Then outside, across the palace gardens ...
... grappling iron ready ...
... swing ...
... and up to the palace roof.
Tikki LaVale, through determination, speed and an outstanding knowledge of the city's myriad byways, arrived on the roof of Dullitch Palace, sparing just enough time to draw his sword as his target landed on the other side of the building's wide roof.
The shadow — for it was wreathed in a black, billowing cloak — rolled as it landed, depositing a small box on the rooftop, then leaped up and drew two swords with such speed that, for a moment, Tikki thought he might have imagined the move. Anticipating an immediate strike, he knelt and readied his own blade.
Then came a shock; as the figure drew near to the Guard Marshal, it pulled back the hood covering its face.
Relief flooded over Tikki LaVale.
"Human," he said, gritting his teeth against the pelting rain. "I'll admit I'm surprised; I thought at the very least you'd be Elfin. What's in the box? Doomchuck powder? An explosive of some kind? Oh no, I see it's moving. A poison lizard, then? Very original."
The stranger paid no attention to Tikki's words. Instead, he darted forward, whirled the two blades in a complicated web and swiftly struck out with them.
Tikki blocked both shots with his own sword.
"Two things," he said, squinting through the downpour. "One: though I'm impressed with that turn of speed you showed in getting here, I should advise you that I was further away, and I still got here first. And two: it wouldn't be fair of me not to tell you that — with the possible exception of Viscount Curfew himself — I'm probably the best sword in the city, so don't even think —"
Tikki was interrupted by two immediate strikes, followed by a somersault and a third. Still, despite the fact that he parried all three, the action worried him enough to take a step back and study the face of his attacker.
"Who are you?" he said, gazing from the small, beady eyes to the straggly, rain-soaked hair. "What do you want here?"
The two men circled each other, looking for an opening.
"I assume you're here for the viscount," Tikki went on, while measuring the time between lightning strikes to see if it would aid his cause. "Who sent you? Legrash? Phlegm? Spittle? Hmm ... funny, somehow you don't look like an assassin ..."
The fifth blow was aimed directly at Tikki's face, and he dodged it with comparative ease: perhaps the talk was helping.
"I say you don't look like an assassin because assassins are usually smart enough to keep themselves covered up," he continued, smiling through a particularly vicious rumble of thunder. "Then again, maybe you're just confident ..."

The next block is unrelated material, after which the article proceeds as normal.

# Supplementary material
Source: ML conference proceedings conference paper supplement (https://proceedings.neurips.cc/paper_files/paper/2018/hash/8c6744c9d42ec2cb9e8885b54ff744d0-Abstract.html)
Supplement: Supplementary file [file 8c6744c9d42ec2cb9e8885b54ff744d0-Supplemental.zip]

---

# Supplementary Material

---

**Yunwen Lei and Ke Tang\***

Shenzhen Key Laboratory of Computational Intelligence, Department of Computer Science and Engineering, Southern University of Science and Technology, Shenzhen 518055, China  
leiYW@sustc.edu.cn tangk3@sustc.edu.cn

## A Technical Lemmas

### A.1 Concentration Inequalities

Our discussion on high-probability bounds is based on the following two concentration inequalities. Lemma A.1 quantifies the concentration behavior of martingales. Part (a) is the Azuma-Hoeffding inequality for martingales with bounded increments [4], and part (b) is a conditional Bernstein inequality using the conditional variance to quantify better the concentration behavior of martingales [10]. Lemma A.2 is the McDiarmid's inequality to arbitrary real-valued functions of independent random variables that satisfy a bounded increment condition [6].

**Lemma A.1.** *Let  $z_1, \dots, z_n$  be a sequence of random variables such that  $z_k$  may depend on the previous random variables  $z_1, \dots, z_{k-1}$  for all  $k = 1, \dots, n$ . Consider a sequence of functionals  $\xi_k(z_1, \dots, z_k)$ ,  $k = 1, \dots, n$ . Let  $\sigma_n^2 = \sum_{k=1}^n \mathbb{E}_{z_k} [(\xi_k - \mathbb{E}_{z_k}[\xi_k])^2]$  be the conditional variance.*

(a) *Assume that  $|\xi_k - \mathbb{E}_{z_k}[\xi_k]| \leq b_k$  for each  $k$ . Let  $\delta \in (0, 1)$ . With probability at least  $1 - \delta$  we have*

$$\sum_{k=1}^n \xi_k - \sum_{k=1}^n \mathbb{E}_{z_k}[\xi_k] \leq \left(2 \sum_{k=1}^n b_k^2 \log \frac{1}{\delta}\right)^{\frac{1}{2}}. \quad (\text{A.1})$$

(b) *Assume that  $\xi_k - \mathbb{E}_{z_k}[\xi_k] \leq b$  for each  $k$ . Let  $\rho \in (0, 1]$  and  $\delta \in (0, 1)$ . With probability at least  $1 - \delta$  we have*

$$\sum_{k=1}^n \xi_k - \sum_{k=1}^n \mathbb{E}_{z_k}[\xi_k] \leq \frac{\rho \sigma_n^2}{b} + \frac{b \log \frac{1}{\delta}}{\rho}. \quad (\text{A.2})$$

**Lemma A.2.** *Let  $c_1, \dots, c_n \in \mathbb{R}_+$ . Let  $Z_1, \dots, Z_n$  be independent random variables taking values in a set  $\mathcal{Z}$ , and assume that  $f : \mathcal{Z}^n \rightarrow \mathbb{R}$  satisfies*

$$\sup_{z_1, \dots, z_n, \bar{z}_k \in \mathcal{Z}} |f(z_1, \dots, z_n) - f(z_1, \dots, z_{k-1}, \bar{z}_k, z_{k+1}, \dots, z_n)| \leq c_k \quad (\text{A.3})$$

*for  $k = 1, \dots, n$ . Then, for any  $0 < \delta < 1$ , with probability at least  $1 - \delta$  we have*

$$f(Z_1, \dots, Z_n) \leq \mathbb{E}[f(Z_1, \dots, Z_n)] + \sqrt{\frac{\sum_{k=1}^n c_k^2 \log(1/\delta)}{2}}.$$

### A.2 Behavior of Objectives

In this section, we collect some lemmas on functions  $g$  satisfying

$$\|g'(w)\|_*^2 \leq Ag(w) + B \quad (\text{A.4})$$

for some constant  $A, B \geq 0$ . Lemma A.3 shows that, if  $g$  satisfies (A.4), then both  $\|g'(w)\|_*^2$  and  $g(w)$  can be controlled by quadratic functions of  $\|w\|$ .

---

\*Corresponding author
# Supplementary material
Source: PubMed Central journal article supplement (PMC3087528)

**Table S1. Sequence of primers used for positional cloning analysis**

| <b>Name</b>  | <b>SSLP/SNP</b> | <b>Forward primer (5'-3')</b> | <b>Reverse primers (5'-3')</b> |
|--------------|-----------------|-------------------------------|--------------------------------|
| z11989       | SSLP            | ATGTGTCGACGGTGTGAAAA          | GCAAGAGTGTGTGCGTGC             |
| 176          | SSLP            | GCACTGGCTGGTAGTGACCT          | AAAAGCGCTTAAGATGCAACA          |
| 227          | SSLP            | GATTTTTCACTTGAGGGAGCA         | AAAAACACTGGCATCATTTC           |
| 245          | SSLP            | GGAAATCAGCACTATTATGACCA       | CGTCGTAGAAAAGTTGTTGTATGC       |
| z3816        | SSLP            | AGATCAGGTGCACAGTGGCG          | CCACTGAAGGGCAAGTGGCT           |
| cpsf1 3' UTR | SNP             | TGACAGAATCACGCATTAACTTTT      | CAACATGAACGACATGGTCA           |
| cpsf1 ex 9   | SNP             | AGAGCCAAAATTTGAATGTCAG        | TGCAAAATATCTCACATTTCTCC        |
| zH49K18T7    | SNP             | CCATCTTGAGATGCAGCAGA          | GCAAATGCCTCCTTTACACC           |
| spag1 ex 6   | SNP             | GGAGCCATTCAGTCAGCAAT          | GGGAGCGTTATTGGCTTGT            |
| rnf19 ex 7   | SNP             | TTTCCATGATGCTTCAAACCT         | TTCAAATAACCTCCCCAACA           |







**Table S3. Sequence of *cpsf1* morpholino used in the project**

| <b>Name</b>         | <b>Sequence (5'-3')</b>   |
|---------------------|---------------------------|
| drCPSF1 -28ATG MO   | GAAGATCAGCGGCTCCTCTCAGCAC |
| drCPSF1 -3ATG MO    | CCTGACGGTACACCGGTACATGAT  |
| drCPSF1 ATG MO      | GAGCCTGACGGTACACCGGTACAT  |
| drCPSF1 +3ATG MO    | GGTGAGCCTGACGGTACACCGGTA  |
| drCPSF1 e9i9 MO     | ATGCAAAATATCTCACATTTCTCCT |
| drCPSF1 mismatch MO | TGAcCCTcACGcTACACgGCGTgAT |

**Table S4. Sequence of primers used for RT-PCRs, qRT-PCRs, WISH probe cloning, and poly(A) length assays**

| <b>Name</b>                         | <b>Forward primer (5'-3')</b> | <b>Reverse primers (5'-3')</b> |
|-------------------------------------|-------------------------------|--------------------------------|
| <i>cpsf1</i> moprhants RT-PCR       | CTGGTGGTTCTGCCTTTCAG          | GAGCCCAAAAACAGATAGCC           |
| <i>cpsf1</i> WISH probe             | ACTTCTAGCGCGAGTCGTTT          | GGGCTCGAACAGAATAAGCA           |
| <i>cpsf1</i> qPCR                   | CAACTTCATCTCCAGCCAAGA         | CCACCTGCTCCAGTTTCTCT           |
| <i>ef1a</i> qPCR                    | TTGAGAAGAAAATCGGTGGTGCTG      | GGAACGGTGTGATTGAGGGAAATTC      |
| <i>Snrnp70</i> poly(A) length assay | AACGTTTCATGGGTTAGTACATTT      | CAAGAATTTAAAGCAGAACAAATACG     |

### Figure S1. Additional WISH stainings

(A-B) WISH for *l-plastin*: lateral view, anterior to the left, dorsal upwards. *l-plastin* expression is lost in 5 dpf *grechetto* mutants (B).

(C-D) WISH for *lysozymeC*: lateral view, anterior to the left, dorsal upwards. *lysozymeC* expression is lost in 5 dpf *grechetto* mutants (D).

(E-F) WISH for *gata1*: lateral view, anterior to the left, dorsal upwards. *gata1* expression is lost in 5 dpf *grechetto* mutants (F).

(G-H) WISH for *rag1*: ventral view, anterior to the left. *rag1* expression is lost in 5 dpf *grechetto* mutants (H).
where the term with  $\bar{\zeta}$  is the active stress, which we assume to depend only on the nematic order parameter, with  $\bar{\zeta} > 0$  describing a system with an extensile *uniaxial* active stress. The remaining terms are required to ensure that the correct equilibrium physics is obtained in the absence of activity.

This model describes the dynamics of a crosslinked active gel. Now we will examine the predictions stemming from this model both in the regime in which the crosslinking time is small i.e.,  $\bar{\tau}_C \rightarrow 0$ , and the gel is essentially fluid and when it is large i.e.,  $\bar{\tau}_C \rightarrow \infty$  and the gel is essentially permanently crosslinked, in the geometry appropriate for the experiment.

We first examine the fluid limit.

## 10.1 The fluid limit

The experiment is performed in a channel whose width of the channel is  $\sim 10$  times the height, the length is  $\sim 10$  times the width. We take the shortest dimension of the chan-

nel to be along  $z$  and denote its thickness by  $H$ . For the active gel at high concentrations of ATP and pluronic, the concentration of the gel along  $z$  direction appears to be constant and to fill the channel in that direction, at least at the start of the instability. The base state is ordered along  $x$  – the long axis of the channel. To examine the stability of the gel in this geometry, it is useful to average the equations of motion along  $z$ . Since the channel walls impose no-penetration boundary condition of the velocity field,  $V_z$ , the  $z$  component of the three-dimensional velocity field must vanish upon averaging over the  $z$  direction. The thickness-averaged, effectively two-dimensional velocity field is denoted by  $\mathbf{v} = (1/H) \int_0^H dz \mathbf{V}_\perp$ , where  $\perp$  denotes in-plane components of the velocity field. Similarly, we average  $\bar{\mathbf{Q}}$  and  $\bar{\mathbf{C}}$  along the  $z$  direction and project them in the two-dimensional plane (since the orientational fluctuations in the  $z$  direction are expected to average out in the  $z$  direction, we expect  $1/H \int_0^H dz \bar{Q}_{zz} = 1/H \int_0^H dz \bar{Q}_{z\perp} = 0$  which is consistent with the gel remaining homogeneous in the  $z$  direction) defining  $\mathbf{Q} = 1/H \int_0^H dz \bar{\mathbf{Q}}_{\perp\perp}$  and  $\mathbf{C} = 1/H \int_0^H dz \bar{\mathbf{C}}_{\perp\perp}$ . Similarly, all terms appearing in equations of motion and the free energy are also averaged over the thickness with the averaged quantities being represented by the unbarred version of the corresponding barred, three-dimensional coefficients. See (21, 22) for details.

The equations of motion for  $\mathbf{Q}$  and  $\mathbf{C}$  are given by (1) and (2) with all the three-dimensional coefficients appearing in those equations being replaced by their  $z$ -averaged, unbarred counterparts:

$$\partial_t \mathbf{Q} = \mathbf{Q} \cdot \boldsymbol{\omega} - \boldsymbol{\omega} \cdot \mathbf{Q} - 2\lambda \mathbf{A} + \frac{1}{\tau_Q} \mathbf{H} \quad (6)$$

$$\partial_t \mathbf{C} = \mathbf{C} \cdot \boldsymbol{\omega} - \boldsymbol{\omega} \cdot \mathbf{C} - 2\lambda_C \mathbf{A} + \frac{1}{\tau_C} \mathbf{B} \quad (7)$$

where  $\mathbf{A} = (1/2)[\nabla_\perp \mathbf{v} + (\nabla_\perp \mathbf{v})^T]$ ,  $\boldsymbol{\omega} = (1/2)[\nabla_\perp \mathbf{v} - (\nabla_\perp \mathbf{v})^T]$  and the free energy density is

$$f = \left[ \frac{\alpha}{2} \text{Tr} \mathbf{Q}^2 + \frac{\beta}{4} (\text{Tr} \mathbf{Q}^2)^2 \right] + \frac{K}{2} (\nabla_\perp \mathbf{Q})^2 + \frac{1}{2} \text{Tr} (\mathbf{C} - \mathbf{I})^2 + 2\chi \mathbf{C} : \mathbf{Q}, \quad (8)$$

Nothing was spoken by the stranger, but a sixth strike followed, then a seventh.
Tikki dived down to block the last blow, and realized with sudden, terrible horror that he'd left himself open to ...
Tikki grabbed for his throat, but he'd incorrectly predicted the stranger's move: the throat wound was merely a scratch to divert attention from ...
He staggered back, the stranger's second sword buried deep in his chest, and ...
... down came the rain.
The swordsman dragged the body of Tikki LaVale across the palace roof and deposited it beside one of the more magnificent buttresses. Then he retrieved the box he'd been carrying and crept carefully toward the upper stairwell hatch.
When he pulled on the brass ring and lifted the sturdy hatch, relief flooded over him: there were no guards on duty at the top of the tower. Ha! That would make the task so much easier than he had anticipated.
The swordsman slipped inside the tower and began to descend the spiral staircase: his box was shaking now, as the creature inside fought to escape its squat prison.
Down. Down. And out: into the main body of the palace.
The swordsman kept out of sight, expertly nipping between shade and shadow to ease his path through the drafty corridors.
At length, he arrived at Korvan's Kitchen: the very heart of Dullitch Palace. A plaque above the doorway reminded all of Korvan, the legendary and somewhat officious cook who served Lord Bowlcock, the first Duke of Dullitch.
The swordsman didn't bother to study the plaque, however, choosing instead to sneak around the edge of the kitchen, narrowly avoiding two stout servants that supported a giant soup-cauldron between them.